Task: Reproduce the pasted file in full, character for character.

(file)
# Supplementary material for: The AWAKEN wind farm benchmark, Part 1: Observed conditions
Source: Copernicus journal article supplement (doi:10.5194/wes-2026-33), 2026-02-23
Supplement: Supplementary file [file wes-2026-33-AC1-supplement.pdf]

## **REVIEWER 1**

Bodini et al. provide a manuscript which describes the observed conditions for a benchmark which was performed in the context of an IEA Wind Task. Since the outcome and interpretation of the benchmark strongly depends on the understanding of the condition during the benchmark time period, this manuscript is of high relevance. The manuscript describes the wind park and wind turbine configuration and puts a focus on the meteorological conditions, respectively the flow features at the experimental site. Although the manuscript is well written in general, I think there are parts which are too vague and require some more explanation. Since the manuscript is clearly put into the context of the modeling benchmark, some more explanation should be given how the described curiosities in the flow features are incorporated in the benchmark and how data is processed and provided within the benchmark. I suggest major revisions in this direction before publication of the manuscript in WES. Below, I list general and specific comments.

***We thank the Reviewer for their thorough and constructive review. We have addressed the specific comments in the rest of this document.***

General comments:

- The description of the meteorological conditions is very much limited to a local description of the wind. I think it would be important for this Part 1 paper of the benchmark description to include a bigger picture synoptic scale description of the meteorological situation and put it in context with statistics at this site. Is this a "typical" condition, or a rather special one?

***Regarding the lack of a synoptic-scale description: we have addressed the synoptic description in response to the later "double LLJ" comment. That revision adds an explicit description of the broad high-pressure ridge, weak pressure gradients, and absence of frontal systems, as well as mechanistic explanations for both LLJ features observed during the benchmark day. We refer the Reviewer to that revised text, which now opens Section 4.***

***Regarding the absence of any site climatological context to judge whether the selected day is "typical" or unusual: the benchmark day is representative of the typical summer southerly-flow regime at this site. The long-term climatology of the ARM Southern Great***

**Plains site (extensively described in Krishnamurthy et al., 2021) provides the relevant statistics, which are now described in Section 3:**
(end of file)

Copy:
# Supplementary material for: The AWAKEN wind farm benchmark, Part 1: Observed conditions
Source: Copernicus journal article supplement (doi:10.5194/wes-2026-33), 2026-02-23
Supplement: Supplementary file [file wes-2026-33-AC1-supplement.pdf]

## **REVIEWER 1**

Bodini et al. provide a manuscript which describes the observed conditions for a benchmark which was performed in the context of an IEA Wind Task. Since the outcome and interpretation of the benchmark strongly depends on the understanding of the condition during the benchmark time period, this manuscript is of high relevance. The manuscript describes the wind park and wind turbine configuration and puts a focus on the meteorological conditions, respectively the flow features at the experimental site. Although the manuscript is well written in general, I think there are parts which are too vague and require some more explanation. Since the manuscript is clearly put into the context of the modeling benchmark, some more explanation should be given how the described curiosities in the flow features are incorporated in the benchmark and how data is processed and provided within the benchmark. I suggest major revisions in this direction before publication of the manuscript in WES. Below, I list general and specific comments.

***We thank the Reviewer for their thorough and constructive review. We have addressed the specific comments in the rest of this document.***

General comments:

- The description of the meteorological conditions is very much limited to a local description of the wind. I think it would be important for this Part 1 paper of the benchmark description to include a bigger picture synoptic scale description of the meteorological situation and put it in context with statistics at this site. Is this a "typical" condition, or a rather special one?

***Regarding the lack of a synoptic-scale description: we have addressed the synoptic description in response to the later "double LLJ" comment. That revision adds an explicit description of the broad high-pressure ridge, weak pressure gradients, and absence of frontal systems, as well as mechanistic explanations for both LLJ features observed during the benchmark day. We refer the Reviewer to that revised text, which now opens Section 4.***

***Regarding the absence of any site climatological context to judge whether the selected day is "typical" or unusual: the benchmark day is representative of the typical summer southerly-flow regime at this site. The long-term climatology of the ARM Southern Great***

**Plains site (extensively described in Krishnamurthy et al., 2021) provides the relevant statistics, which are now described in Section 3:**